Ticked-Off Trannies With Knives isn’t the first film to spark debate among LGBT filmgoers. From the gay serial-killer flick Cruising to Mel Gibson’s Braveheart,The Advocate looks at 15 films that have prompted bad press, activism, and, in some cases, full-blown boycotts over the years.
Gay activists protested the filming and boycotted the theatrical release of this thriller about an undercover cop (Al Pacino) pursuing a serial killer who is targeting gay men in bars and bathhouses. When the film hit theaters in 1980, it was with this disclaimer: “This film is not intended as an indictment of the homosexual world. It is set in one small segment of that world, which is not meant to be representative of the whole.”
Basic Instinct (1992)
Groups including the Gay and Lesbian Alliance Against Defamation opposed Basic Instinct’s depiction of a sex-crazed bisexual novelist being investigated for murder. Several gay groups boycotted the film’s opening, charging that the character of Catherine Tramell (Sharon Stone) was offensive and homophobic. Film critic Roger Ebert, however, noted that the film’s heterosexual characters are equally unethical, and bisexual writer Camille Paglia called Basic Instinct her “favorite film.” Stone has since become an advocate for gay rights and AIDS research.
The Silence of the Lambs (1991)
“Buffalo Bill,” the serial killer who skins women alive for a women’s suit of real skin he’s making, was just one of the characters gay activists took issue with when The Silence of the Lambs was released in 1991. The film went on to win five Oscars (including acting awards for Anthony Hopkins and Jodie Foster), and director Jonathan Demme won praise from gay audiences for his next feature, Philadelphia.
Boat Trip (2002)
Beyond being offensive, Boat Trip is generally regarded as one of the worst films ever made, grossing just $15 million worldwide. Cuba Gooding Jr. was nominated for a worst actor Razzie for the film, which follows two men who accidentally book a vacation on a gay cruise. Roger Ebert wrote of the film, “Not only does it offend gays, it offends everyone else."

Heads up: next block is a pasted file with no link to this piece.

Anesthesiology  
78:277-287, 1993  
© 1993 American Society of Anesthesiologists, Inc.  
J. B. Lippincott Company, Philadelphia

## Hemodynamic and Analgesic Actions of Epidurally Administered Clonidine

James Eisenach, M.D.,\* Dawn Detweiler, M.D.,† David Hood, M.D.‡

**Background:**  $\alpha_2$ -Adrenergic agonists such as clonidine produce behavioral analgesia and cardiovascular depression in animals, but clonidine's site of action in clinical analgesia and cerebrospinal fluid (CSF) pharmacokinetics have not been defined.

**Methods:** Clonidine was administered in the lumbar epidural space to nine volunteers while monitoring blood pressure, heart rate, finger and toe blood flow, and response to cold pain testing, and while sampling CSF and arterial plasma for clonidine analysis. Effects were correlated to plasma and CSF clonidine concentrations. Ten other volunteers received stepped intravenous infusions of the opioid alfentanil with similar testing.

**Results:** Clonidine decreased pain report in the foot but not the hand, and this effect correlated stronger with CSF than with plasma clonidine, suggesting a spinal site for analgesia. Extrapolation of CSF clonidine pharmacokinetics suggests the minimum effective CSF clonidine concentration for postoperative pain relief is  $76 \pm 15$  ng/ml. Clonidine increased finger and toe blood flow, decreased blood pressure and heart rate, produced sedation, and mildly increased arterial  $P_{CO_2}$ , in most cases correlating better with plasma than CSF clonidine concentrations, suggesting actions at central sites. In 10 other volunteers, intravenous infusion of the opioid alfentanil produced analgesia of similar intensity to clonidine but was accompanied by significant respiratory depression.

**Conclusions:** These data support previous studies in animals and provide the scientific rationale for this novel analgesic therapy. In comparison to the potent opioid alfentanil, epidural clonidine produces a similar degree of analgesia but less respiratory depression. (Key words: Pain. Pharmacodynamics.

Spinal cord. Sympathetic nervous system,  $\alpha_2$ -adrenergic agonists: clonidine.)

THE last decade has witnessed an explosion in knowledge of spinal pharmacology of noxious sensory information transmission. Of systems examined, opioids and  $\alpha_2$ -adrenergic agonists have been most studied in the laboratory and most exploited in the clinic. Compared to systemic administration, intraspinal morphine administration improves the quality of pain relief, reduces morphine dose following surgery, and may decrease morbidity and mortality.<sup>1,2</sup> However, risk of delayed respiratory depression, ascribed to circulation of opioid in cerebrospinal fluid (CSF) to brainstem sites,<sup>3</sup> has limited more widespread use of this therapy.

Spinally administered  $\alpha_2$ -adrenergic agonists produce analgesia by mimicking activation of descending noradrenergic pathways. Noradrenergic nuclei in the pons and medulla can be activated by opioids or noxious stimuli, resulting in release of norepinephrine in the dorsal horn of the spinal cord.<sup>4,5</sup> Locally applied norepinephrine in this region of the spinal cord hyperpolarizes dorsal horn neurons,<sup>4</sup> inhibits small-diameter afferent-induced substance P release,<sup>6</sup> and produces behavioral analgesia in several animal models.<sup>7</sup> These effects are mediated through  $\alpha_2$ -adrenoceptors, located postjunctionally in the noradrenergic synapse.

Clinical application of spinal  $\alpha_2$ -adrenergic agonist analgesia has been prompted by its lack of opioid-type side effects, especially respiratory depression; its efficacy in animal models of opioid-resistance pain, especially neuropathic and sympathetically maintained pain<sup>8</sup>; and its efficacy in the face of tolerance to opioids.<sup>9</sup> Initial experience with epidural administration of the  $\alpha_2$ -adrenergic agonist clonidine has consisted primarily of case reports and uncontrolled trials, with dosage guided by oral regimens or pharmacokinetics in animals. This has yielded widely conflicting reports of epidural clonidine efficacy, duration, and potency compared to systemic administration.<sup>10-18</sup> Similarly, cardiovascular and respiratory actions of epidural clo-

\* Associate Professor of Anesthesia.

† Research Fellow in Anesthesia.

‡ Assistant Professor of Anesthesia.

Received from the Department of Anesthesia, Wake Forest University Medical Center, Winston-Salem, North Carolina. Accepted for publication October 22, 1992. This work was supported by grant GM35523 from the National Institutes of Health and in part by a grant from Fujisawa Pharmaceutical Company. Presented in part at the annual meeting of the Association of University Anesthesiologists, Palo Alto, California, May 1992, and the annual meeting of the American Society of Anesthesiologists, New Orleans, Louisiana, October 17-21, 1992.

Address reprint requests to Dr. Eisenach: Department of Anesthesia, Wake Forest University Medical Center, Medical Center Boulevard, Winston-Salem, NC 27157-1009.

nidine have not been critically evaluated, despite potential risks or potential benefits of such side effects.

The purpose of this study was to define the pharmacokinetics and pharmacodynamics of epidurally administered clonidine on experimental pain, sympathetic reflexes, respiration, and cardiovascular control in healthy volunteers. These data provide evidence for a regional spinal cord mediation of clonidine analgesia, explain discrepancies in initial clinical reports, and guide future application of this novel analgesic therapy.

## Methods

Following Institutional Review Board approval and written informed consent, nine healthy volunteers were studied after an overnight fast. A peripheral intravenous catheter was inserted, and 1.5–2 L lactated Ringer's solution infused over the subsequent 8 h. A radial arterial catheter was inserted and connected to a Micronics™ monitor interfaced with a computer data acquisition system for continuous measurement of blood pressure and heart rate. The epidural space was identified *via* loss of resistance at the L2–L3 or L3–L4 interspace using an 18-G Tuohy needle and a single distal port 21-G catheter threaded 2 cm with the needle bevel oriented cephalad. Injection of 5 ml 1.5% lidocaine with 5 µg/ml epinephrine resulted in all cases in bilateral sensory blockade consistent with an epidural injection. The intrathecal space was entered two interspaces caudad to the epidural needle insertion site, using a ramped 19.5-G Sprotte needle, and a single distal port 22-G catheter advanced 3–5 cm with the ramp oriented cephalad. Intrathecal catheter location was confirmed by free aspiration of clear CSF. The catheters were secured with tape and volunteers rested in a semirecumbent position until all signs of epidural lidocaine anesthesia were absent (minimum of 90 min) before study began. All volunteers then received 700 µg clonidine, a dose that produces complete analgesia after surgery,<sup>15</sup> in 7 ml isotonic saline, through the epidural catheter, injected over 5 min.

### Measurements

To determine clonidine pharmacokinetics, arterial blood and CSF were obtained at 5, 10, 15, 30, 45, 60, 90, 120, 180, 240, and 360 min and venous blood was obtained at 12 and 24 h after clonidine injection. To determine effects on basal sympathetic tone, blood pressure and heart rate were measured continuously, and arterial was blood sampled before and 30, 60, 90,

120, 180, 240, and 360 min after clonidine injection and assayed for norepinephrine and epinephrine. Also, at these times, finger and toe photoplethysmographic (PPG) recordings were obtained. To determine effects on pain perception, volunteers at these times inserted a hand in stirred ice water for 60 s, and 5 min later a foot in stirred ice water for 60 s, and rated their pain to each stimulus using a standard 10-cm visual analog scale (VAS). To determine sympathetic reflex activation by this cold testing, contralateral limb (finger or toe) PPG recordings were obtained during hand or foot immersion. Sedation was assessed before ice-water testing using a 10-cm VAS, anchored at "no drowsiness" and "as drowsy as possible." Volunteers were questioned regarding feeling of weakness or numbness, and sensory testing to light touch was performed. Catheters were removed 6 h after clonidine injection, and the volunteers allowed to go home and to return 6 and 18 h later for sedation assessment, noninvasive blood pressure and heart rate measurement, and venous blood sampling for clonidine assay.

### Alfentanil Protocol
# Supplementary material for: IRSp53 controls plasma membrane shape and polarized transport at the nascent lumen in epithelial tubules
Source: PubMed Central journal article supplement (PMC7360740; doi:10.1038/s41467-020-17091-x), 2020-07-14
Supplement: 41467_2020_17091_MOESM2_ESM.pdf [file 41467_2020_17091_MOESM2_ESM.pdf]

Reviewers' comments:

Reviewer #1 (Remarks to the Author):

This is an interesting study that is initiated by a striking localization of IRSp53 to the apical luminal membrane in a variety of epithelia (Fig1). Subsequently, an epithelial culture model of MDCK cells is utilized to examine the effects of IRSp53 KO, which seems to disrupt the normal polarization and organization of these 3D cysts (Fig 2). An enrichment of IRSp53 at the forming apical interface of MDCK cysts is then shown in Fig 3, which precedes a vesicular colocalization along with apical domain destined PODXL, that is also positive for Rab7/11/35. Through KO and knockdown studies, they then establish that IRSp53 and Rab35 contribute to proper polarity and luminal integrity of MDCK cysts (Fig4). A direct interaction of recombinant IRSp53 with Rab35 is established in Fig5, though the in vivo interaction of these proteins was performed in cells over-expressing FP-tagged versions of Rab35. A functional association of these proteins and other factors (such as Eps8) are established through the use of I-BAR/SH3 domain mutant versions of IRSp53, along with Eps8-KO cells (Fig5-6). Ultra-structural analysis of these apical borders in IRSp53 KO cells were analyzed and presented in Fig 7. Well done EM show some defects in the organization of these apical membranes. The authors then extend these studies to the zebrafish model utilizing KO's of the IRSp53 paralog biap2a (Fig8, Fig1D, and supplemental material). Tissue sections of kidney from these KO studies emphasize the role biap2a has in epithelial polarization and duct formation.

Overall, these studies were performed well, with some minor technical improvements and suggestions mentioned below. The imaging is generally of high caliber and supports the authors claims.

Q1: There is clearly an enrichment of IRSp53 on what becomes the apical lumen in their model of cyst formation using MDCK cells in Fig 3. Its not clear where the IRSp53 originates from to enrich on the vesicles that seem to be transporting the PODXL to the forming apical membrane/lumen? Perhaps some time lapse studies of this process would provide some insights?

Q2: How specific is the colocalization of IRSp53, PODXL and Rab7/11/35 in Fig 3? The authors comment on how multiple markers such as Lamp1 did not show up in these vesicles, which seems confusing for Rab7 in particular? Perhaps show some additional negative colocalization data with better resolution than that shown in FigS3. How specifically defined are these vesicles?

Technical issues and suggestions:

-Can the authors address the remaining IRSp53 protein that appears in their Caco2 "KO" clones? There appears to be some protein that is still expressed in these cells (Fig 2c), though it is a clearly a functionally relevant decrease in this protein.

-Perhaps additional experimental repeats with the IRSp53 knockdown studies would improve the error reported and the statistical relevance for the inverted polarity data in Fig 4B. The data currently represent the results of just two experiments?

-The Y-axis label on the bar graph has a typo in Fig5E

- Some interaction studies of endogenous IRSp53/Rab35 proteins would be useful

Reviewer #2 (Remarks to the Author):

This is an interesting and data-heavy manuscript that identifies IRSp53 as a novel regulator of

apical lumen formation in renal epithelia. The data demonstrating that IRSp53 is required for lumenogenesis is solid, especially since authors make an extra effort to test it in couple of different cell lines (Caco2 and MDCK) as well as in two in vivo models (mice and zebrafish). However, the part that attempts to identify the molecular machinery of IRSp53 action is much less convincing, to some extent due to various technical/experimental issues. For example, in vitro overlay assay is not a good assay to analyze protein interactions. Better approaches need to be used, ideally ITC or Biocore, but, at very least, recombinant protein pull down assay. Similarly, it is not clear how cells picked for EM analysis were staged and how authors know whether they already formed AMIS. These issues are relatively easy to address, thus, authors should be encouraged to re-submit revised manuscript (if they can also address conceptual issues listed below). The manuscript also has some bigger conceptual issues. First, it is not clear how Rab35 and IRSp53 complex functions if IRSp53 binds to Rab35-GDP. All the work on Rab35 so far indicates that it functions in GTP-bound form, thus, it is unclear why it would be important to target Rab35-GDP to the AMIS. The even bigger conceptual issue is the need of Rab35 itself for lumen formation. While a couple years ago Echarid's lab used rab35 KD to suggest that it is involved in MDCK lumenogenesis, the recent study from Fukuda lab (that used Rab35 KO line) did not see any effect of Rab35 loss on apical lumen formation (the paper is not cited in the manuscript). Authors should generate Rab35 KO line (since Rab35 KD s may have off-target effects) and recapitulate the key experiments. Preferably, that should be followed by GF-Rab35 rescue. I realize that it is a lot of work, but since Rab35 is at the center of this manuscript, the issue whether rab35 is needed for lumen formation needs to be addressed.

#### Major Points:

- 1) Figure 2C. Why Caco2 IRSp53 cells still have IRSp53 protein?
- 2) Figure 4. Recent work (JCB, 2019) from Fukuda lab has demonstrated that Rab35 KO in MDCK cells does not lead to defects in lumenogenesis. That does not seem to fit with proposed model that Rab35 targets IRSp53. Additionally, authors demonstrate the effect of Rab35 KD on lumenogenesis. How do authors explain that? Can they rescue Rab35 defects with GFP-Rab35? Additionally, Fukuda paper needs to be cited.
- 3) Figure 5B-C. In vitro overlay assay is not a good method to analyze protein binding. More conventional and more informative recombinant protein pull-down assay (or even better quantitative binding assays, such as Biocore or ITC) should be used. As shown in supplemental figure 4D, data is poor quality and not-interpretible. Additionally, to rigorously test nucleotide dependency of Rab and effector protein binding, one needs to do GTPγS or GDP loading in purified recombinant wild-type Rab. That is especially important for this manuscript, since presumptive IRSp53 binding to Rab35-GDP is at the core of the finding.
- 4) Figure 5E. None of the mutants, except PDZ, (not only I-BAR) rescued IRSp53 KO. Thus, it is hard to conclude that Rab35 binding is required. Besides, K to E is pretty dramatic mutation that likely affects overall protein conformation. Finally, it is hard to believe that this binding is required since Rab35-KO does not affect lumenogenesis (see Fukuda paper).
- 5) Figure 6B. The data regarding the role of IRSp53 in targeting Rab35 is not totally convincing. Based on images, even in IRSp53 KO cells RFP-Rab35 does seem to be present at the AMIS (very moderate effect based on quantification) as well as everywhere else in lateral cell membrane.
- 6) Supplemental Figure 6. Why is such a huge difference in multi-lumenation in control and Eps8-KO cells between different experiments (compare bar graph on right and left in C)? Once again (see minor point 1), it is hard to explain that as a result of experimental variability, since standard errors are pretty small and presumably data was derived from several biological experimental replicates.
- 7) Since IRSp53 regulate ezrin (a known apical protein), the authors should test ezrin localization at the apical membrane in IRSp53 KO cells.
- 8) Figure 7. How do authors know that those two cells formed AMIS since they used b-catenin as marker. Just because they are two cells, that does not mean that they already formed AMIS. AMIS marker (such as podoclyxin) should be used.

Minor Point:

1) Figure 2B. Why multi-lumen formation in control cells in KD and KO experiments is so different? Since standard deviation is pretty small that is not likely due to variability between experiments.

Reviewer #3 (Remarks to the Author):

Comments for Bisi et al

Elizabeth Ashley stars in Windows as a woman who becomes uncomfortably obsessed with her neighbor, played by a Rocky-era Talia Shire. It was released with the slogan “Somebody loves Emily ... too much,” and gay rights groups argued that the film was hateful to lesbians. Windows was nominated for five Razzies, including Worst Picture, and made just $2 million at the box office.
GLAAD slammed Brüno upon the film’s release, saying it "decreases the public's comfort with gay people." Brüno, a flamboyantly gay fashionista played by Sacha Baron Cohen, was deemed a satirical character by some activists, while others thought the film — comedy or not — would hurt the fight for gay rights. In one scene Brüno is shown in a hot tub with his infant son and two men who are having sex.
Mel Gibson starred in and directed Braveheart, the story of a fighter during the first war for Scottish independence. Gibson, long rumored to be homophobic, came under fire for the effeminate portrayal of England's Prince Edward. Responding to the calls for a boycott, Gibson said, “'I'm just trying to respond to history. You can cite other examples — Alexander the Great, for example, who conquered the entire world, was also a homosexual. But this story isn't about Alexander the Great. It's about Edward II.”
The Laughing Policeman (1973)